putting substantial additional funds in, it is right that those
extra funds should be matched by efficiency gains as well to improve
still further the performance of these bodies.
Sir Paul Beresford
317. Much of that extra money that went to the
local authorities last year, which was well trumpeted, actually
was spent, in some cases entirely, on Best Value arrangements
and the new change in the structure of the local authorities and
an implication from your answer two or three questions back is
that the responsibility actually lands with the Government because
despite the warnings in committee etc, the local authorities were
landed with volume upon volume of rules, regulations and so forth
often at a very, very late stage.
(Mr Raynsford) I have to say that the vast majority
of local authorities warmly welcomed the introduction of Best
Value as a much better framework for performance management than
compulsory competitive tendering that preceded it and we obviously
have accepted the need to make continuing improvements. I do not
believe that this ethos of continuing improvement applies just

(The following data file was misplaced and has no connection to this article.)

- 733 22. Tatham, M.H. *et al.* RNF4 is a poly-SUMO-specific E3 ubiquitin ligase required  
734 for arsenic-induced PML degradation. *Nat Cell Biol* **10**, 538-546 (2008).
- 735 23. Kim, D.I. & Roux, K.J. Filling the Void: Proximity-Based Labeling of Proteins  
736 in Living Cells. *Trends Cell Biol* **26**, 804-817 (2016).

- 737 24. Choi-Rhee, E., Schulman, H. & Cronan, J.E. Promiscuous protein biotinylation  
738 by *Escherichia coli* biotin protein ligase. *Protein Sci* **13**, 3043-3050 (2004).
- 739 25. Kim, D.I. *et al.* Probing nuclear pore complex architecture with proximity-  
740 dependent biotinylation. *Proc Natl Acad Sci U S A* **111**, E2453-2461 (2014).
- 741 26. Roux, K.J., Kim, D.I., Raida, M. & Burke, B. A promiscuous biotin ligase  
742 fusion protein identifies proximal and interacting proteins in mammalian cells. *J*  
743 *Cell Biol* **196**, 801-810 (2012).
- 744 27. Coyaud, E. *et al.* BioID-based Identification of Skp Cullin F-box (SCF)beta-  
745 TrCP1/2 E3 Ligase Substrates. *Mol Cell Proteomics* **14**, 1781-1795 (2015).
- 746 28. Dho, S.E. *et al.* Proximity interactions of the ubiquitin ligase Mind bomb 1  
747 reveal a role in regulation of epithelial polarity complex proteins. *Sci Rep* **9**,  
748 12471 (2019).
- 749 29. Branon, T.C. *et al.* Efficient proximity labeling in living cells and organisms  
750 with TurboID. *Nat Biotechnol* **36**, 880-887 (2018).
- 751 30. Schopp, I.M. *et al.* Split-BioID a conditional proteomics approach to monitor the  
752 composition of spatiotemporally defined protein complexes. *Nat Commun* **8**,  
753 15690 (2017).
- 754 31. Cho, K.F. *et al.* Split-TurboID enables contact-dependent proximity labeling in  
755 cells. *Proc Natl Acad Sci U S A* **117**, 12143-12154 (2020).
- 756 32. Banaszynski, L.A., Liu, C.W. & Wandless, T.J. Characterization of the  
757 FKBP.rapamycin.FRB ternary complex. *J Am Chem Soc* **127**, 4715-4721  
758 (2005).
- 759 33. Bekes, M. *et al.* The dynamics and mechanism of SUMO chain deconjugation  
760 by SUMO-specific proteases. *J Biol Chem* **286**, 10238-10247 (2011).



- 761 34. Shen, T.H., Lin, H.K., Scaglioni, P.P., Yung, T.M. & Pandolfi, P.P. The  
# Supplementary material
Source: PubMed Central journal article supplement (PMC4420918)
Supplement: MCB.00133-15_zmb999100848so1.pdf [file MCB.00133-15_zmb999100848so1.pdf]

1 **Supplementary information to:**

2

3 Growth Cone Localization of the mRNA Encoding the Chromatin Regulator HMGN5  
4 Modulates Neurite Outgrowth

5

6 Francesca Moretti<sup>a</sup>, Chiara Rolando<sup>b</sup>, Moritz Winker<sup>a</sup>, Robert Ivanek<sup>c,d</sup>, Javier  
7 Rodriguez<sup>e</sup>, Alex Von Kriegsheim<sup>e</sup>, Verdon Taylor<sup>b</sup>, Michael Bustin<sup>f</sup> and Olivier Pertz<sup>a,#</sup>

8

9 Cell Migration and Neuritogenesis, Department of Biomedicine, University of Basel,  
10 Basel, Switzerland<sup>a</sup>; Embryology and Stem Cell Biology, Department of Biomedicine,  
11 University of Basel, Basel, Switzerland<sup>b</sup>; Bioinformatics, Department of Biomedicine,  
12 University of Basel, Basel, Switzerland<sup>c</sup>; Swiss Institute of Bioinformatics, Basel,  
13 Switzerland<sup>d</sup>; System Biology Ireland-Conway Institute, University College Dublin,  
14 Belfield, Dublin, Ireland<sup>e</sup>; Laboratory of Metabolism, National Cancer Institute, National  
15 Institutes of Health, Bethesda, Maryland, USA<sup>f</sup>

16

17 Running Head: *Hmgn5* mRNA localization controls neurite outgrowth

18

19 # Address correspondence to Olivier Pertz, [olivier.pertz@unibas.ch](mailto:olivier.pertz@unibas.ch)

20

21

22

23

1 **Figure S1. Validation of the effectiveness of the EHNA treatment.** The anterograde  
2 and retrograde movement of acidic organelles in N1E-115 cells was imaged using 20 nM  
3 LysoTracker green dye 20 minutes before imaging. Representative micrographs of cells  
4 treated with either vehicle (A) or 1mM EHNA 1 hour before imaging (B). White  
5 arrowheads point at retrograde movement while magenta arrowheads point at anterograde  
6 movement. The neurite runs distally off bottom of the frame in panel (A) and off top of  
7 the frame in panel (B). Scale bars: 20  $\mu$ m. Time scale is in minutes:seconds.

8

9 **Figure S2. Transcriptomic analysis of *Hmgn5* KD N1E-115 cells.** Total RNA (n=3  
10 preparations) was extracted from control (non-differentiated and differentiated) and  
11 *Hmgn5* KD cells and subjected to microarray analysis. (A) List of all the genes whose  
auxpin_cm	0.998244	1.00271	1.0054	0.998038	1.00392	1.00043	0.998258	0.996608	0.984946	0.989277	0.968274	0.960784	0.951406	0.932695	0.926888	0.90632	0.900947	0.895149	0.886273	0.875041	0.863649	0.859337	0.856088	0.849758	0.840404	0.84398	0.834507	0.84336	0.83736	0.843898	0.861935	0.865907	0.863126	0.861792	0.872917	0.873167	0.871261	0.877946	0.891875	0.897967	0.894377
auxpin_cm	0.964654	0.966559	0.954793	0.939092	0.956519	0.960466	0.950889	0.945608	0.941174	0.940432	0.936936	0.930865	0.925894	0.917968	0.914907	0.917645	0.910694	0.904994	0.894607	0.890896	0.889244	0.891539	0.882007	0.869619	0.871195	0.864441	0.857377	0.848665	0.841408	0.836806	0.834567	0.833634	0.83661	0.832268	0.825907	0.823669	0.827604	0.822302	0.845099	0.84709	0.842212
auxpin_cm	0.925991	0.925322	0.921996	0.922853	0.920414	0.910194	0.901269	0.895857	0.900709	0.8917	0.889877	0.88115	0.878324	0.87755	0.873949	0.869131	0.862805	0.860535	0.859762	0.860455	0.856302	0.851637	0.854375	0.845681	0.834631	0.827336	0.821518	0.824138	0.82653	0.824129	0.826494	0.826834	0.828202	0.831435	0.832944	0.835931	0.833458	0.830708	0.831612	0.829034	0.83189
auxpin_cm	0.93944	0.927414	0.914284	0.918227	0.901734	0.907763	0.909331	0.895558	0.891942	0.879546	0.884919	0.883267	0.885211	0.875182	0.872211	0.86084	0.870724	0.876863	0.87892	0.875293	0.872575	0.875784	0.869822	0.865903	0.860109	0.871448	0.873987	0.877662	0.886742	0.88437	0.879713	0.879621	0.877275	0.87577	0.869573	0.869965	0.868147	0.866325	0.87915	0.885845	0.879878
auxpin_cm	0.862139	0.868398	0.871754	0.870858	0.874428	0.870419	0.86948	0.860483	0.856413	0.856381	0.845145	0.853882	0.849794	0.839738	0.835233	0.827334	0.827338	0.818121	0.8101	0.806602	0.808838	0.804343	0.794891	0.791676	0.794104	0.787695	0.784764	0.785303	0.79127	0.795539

to local government, it applies to us and we are trying to improve
the working of the Best Value regime along the lines that I outlined
in response to an earlier question.
318. The unions might say in a number of cases
that they have not really moved on from CCT and in fact they see
cost as the key issue.
(Mr Raynsford) I think that is a very fair criticism
and it is one of the issues we are reviewing in the review of
Best Value which I am currently leading in our department to try
and ensure that we get a workable system that puts its focus rightly
on raising the quality of service.
319. So when you actually have as one of your
main instruments a two per cent cut in the cost of doing things,
is that going to reinforce the approach you have been critical
(Mr Raynsford) No. I think an efficiency target is
a reasonable target in any framework and one wants constantly
to be looking at ways of doing things more efficiently and it
is right that organisations should be tested in that way but,
if you are looking at options for delivering the service, the
measure should be quality and not simply cost. You want to do
it in a cost-effective way, but ultimately you want to ensure
you are delivering high quality services and that is what we aim
to achieve through Best Value.